“I don’t think West Virginians take this kind of thing for granted, helping like this, because West Virginians are used to overcoming adversity,” Holliday said. “When something like this happens, they dig in, roll up their sleeves and try to find a way through it. It’s just another example of that happening.
“Our guys have fun doing this. They appreciate all the fans who come from around the state – some of whom were hurt badly by the flooding – to support them. They’re excited about the opportunity to help. They’re anxious to meet those people, do what they can for them.
“The number of cars through here in two days has bene amazing. I’m thrilled that people grasp the magnitude of what’s happened. I’m a West Virginian and I’ve been in the state for many years. I don’t think I’ve ever seen the kind of pictures of the devastation I’ve seen in the last few days. It’s unbelievable.
“I know there have been bad situations before, but I’m not sure there have been other things as bad as this. But we’ll get to work. That’s what we do. People will rally around those who need it. Just like what’s here; that sort of thing is happening around the state, and they’ll find a way to get through it.”
Hamrick, a former Herd football player, was as touched as anyone by the outpouring of support and effort by his co-workers, coaches and Herd student-athletes. In his hometown of Clendenin, it’s estimated that 99 percent of the businesses were wiped out and about 60 percent of the homes were destroyed.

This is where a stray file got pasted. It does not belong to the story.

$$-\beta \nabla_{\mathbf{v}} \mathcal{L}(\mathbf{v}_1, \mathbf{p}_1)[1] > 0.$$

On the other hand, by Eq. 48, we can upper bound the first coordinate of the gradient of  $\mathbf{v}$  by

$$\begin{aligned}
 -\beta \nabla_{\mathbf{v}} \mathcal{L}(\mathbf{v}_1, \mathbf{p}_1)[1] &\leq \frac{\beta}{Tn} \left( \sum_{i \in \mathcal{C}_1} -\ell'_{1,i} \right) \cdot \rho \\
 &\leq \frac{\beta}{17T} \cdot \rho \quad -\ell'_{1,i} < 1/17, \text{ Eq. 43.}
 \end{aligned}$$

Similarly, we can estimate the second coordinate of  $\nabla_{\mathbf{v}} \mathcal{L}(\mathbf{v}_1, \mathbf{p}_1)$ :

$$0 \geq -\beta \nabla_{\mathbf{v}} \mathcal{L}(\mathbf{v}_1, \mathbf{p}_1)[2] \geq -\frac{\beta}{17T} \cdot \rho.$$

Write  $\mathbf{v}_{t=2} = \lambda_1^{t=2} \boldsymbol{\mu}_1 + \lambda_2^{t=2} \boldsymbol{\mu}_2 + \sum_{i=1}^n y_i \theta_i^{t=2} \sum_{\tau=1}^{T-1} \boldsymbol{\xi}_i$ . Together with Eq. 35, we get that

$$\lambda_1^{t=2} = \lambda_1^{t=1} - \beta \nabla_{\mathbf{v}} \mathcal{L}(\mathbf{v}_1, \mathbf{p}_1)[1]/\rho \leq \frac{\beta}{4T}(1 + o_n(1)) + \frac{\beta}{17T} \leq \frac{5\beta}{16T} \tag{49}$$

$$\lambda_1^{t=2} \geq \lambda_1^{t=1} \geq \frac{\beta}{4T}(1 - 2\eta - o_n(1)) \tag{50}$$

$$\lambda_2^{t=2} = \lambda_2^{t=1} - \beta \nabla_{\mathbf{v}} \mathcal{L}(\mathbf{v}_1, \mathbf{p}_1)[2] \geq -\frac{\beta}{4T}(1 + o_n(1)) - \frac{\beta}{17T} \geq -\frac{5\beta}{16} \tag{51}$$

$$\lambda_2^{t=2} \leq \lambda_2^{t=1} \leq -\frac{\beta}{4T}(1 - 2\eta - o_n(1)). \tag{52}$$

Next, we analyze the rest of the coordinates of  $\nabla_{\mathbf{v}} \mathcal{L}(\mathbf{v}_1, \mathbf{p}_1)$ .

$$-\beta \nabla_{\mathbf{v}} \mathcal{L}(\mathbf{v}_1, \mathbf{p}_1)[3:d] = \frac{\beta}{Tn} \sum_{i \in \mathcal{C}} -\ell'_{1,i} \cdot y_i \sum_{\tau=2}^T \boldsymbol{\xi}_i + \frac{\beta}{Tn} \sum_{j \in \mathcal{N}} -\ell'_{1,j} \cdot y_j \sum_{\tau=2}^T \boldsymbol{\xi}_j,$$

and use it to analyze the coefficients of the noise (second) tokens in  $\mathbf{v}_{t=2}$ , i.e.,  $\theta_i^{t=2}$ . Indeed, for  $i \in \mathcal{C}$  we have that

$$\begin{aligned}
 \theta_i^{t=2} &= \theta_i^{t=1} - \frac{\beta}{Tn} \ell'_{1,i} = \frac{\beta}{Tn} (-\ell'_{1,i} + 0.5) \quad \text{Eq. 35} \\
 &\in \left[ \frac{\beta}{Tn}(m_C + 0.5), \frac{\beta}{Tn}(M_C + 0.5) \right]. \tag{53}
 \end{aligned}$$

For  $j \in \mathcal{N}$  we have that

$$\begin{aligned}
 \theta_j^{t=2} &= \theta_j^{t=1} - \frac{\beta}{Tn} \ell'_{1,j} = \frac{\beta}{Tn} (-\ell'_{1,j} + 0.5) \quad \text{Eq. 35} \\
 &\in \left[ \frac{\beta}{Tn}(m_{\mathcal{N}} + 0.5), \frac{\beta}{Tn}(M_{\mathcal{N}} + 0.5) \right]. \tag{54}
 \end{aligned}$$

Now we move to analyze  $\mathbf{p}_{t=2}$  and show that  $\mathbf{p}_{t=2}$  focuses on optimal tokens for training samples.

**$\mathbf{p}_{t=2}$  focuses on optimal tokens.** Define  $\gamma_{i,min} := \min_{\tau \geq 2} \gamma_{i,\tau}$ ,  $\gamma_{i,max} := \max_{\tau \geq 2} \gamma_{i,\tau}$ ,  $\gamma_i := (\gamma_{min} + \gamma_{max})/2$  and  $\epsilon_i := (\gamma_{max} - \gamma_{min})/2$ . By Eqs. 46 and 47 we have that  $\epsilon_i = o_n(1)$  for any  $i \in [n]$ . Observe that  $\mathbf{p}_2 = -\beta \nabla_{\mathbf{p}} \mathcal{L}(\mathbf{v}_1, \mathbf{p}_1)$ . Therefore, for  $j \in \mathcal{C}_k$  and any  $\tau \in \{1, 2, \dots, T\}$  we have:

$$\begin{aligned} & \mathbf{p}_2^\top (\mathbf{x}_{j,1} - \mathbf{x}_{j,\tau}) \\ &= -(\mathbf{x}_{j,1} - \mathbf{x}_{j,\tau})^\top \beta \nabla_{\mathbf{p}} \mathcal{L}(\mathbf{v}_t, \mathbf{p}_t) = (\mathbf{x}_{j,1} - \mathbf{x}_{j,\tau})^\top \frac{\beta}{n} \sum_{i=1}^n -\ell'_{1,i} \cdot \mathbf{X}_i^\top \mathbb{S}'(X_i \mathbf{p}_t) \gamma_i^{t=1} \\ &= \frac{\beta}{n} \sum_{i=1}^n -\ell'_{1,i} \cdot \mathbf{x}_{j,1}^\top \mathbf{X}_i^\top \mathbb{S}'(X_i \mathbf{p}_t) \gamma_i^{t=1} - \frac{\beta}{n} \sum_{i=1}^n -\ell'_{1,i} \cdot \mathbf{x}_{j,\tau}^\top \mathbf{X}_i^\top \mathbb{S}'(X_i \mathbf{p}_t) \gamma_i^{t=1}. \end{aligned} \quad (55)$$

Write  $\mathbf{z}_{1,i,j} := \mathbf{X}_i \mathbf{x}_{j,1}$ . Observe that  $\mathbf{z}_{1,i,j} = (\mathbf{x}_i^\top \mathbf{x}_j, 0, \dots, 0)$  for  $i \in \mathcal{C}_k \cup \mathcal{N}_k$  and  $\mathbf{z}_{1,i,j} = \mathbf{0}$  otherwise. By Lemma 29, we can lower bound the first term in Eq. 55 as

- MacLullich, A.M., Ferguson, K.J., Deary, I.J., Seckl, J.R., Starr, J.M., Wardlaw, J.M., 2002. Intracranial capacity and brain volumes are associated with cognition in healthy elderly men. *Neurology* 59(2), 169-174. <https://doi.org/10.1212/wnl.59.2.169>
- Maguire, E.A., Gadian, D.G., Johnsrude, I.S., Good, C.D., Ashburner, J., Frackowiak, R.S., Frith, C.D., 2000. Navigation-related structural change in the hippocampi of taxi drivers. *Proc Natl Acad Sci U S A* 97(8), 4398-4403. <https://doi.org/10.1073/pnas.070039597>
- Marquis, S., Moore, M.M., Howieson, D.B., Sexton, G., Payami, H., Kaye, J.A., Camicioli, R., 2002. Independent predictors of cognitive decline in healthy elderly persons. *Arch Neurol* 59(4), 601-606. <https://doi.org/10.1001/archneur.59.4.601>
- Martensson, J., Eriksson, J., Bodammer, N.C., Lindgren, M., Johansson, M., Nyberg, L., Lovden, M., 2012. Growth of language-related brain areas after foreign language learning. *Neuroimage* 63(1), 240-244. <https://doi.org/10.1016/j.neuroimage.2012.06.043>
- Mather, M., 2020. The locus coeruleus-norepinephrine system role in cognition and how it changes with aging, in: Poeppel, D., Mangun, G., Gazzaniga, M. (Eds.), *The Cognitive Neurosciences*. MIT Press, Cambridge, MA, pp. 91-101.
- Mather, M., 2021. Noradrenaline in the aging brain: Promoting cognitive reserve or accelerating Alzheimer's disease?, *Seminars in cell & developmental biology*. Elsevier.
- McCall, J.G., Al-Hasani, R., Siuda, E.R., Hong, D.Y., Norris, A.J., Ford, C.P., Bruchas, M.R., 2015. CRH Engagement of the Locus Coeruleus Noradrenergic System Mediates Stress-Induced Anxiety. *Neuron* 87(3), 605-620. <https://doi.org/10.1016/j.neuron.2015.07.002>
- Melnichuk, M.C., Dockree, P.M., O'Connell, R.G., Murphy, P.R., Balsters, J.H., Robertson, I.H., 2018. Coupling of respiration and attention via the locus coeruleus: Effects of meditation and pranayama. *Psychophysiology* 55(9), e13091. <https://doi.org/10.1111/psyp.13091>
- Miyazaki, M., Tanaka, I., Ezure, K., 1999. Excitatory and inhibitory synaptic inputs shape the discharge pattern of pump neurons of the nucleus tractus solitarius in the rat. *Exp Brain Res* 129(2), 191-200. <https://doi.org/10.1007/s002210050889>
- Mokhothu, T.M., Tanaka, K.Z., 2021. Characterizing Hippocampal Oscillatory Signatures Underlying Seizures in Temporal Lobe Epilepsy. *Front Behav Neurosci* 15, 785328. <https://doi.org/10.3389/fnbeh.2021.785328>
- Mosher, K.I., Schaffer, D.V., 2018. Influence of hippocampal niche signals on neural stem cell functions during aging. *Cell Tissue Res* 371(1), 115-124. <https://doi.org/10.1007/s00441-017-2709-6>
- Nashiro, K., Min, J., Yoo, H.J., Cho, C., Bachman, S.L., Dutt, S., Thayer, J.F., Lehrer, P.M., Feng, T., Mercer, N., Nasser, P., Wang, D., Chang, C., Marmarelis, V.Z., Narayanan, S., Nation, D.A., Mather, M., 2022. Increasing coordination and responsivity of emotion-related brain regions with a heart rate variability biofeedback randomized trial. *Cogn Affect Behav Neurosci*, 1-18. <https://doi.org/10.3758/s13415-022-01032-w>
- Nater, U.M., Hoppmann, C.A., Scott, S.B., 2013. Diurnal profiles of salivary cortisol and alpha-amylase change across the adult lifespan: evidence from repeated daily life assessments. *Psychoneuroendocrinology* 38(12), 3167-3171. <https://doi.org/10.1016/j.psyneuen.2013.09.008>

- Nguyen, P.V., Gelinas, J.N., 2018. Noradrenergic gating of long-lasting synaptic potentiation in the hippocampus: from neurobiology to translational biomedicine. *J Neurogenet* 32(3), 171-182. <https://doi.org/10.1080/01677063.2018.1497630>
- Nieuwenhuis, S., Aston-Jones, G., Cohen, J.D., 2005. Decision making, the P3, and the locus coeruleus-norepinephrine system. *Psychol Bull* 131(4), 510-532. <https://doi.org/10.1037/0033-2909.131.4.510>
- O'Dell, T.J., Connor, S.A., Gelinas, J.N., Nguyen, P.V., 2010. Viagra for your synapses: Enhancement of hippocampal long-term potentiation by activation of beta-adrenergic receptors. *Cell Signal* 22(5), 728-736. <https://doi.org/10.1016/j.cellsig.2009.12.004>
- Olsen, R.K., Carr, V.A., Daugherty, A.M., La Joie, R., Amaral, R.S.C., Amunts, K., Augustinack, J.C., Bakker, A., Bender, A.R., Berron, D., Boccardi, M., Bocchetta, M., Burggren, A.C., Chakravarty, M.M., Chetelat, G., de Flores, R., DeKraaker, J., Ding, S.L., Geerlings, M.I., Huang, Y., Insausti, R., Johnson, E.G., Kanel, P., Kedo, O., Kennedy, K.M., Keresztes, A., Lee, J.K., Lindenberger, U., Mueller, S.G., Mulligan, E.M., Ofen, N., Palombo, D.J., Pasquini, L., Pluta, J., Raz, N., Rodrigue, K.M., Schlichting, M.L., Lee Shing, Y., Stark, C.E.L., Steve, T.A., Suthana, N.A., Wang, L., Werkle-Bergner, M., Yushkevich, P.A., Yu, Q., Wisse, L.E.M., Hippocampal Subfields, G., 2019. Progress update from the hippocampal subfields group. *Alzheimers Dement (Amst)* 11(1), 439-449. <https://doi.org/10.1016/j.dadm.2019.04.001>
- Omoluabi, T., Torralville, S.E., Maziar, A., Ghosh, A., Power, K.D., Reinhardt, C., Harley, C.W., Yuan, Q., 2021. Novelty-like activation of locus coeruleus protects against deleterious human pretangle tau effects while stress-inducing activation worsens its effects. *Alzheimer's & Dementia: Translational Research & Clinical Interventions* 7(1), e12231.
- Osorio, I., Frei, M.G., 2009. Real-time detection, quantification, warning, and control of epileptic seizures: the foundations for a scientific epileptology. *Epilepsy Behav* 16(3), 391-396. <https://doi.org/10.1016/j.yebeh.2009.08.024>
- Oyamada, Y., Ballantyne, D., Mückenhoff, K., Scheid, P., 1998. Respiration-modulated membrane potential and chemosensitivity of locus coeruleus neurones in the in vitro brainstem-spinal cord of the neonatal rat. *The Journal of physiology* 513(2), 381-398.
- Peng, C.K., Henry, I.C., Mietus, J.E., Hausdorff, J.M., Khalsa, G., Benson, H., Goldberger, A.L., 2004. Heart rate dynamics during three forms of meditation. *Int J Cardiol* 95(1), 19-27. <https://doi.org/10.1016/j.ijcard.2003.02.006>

“This is really personal for me,” said Hamrick, who will begin his eighth year as the AD at his alma mater in mid-July. “I grew up on Elk River. I spent my first grade through high school on Elk River. I swam in Elk River, fished in Elk River, boated in Elk River, jumped out of trees into Elk River. And to see a beautiful river where I grew up, do what it did — you know, destroy what it destroyed – it’s personal with me.
“I’ve spoken with many people in the last few days in the Clendenin/Elkview area – my brother (former Herd place-kicker Ed Hamrick) lives in Elkview – they’re just in dire need. And I thought maybe Marshall Athletics, in some little way, could help out. So, fast forward from Saturday when we started this process and we’ve got two semis filled.
“Listen, it’s Herd fans. We called upon the ‘Herd family’ to help us help other people. And it’s personal with me and it means a great deal to me. But it means much, much more to those people over in Clendenin and Elkview, some who have lost everything. These people have no homes, no water, no detergent, no electric, no phone service. We have two truckloads full of stuff going to them and try to help them in this very difficult time.
“And to all those people who have donated and dropped off things, and our athletes and coaches who have been out there accepting the donations, working in the hot sun, I thank them, and it’s a heartfelt thanks.”
Hamrick said there’s also a teaching moment in giving aid when needed.